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| 1 minute read

Generative AI And The Artist - How Will Copyright Law Keep Up?

Only humans can own a copyright.  But when we have human-like technology creating art, does that change the analysis? What about the work that the AI tool trains on?

Artists draw on other artists' works to educate and inspire them to create new art. Generative AI relies on training data, which consists of prior artworks (often protected by copyright law). These prior artworks were possibly collected and used for AI training without the original artist's consent or even awareness. Does using art in this way violate copyright law before the AI tool even creates the new work?

Some claim this is a new "fair use" - an exception to copyright infringement. Others say artists should be able to opt out of their work being used for training data or they should be compensated for their work being used as training data. Others still think artists should be a joint owner of the AI generated work. All of these questions - and many more - are at the heart of the intersection between copyright law and artificial intelligence. 

As is often the case, technology is lightyears ahead of copyright law.  This article points to the invention of photography as a historical example.  First, photography was seen as not "artistic enough" to warrant copyright protection, but eventually was an accepted tool for artists, like a paint brush or pastel. The difference here is a camera cannot think for itself to compose a great photograph.  AI, on the other hand, is developing work on its own, by analyzing real-life artists' work. Time will tell how this all unfolds and how lawmakers resolve the various issues around copyright law and generative AI.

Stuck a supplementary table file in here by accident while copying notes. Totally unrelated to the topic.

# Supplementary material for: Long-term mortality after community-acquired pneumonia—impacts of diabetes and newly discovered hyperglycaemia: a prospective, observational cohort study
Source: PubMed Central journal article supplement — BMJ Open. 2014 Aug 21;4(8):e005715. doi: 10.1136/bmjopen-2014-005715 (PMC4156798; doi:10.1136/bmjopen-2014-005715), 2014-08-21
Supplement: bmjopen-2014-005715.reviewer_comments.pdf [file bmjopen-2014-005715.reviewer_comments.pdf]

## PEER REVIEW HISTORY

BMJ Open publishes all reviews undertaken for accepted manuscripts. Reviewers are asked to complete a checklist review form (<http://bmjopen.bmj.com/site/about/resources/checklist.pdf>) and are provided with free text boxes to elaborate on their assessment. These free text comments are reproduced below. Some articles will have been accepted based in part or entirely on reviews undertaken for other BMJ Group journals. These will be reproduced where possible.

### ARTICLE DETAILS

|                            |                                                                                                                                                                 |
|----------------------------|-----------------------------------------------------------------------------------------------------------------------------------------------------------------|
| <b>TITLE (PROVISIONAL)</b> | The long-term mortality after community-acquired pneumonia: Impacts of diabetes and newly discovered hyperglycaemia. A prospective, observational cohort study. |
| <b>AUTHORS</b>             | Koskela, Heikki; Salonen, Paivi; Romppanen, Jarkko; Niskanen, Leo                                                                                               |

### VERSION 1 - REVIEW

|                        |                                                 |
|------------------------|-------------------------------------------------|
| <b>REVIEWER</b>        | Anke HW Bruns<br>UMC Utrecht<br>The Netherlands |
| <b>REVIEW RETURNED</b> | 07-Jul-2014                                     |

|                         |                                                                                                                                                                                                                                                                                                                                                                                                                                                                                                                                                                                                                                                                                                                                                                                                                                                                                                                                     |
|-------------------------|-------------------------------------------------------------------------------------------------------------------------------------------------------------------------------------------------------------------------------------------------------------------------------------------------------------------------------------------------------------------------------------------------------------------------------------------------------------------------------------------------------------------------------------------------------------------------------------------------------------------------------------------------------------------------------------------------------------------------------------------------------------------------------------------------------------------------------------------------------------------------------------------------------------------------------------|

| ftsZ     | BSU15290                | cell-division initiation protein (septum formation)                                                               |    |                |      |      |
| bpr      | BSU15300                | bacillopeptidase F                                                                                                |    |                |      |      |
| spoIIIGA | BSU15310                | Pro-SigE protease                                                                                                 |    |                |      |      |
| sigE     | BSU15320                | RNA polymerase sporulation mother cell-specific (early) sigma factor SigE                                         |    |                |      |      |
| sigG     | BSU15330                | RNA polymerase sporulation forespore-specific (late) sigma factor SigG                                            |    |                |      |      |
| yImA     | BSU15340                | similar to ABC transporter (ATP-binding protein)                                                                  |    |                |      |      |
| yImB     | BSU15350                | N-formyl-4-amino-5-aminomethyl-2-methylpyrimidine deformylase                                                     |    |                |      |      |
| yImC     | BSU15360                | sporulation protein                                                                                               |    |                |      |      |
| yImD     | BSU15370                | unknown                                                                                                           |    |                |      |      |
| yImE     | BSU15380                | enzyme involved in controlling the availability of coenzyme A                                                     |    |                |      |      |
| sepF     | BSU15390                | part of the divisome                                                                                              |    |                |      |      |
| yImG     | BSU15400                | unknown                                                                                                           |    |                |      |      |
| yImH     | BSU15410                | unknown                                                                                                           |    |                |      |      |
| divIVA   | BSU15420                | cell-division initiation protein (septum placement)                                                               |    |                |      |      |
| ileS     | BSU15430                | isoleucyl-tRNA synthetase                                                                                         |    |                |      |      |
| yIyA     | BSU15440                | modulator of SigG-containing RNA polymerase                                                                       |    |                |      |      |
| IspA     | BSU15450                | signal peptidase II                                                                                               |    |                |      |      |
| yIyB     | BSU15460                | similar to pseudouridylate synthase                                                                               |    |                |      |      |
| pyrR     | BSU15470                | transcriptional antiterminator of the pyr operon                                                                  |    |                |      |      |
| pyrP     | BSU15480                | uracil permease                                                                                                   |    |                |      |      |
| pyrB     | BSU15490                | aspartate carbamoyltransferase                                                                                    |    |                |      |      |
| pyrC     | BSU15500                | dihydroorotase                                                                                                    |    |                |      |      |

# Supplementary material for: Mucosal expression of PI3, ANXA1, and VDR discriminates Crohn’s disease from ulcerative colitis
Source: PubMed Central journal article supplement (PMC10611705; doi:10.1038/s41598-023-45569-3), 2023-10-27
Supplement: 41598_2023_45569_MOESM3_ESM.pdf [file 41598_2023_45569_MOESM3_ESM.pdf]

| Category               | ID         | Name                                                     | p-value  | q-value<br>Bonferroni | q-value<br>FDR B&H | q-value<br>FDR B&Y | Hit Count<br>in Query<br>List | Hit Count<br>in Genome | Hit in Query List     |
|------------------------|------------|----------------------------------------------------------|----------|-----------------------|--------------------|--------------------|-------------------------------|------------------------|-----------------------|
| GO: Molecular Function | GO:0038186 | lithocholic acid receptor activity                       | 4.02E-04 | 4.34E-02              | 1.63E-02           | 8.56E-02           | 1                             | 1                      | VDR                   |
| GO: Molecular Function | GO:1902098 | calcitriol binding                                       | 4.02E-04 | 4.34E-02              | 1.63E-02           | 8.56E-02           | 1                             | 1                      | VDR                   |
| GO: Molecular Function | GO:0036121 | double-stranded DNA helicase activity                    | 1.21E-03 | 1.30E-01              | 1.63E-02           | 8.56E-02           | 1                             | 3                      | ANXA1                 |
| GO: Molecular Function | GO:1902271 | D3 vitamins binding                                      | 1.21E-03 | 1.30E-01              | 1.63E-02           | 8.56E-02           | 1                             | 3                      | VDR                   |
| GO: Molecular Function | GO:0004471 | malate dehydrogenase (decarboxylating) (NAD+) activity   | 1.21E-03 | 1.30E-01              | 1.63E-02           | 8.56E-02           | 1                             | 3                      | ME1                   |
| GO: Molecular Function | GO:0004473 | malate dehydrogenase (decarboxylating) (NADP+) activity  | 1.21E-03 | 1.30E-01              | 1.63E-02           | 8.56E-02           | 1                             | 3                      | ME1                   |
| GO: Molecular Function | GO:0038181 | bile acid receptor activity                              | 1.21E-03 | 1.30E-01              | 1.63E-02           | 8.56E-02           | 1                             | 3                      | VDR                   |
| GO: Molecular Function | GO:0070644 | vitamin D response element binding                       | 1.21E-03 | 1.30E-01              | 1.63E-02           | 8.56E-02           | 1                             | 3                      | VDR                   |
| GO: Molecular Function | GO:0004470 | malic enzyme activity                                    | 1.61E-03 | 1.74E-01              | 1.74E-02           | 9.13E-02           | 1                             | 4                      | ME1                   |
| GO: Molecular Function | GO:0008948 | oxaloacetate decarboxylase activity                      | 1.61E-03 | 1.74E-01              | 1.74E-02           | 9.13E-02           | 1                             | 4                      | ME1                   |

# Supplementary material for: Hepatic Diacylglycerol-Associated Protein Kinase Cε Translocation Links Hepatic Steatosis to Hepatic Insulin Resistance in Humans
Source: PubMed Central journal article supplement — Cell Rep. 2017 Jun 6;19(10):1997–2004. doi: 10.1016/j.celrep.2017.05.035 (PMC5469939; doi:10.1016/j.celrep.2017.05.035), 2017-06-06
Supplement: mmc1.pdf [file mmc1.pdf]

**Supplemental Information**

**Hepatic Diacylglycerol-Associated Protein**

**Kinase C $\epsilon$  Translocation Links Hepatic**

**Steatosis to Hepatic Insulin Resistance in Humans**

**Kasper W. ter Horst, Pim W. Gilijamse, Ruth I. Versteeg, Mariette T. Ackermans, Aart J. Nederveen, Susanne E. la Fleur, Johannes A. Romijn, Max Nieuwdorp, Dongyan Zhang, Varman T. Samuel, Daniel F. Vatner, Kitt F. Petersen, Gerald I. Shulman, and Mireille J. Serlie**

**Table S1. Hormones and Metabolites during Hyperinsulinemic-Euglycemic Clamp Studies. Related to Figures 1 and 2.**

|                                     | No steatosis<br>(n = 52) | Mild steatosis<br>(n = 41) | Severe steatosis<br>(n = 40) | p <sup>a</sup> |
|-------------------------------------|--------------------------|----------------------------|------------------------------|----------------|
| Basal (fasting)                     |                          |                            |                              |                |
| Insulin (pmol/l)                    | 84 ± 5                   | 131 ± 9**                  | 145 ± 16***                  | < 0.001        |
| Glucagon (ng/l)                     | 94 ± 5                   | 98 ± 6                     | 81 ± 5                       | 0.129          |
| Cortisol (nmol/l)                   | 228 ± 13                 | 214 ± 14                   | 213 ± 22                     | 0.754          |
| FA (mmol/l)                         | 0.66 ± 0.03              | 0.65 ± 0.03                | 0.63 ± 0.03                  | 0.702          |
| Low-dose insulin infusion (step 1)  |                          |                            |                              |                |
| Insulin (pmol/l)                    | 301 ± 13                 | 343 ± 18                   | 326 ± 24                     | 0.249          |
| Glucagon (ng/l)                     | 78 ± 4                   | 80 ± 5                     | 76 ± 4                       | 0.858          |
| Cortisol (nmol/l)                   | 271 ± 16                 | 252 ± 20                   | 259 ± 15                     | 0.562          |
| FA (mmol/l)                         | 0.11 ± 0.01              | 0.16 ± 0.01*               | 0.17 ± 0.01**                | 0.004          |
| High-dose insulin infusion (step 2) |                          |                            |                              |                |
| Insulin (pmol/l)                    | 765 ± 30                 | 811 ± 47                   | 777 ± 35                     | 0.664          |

Generative AI might seem unprecedented, but history can act as a guide.  Take the emergence of photography in the 1800s. Before its invention, artists could only try to portray the world through drawing, painting or sculpture. Suddenly, reality could be captured in a flash using a camera and chemicals. As with generative AI, many argued that photography lacked artistic merit. In 1884, the U.S. Supreme Court weighed in on the issue and found that cameras served as tools that an artist could use to give an idea visible form; the “masterminds” behind the cameras, the court ruled, should own the photographs they create. From then on, photography evolved into its own art form and even sparked new abstract artistic movements.


copyright, intellectual property, artificial intelligence, ai, fair use, ip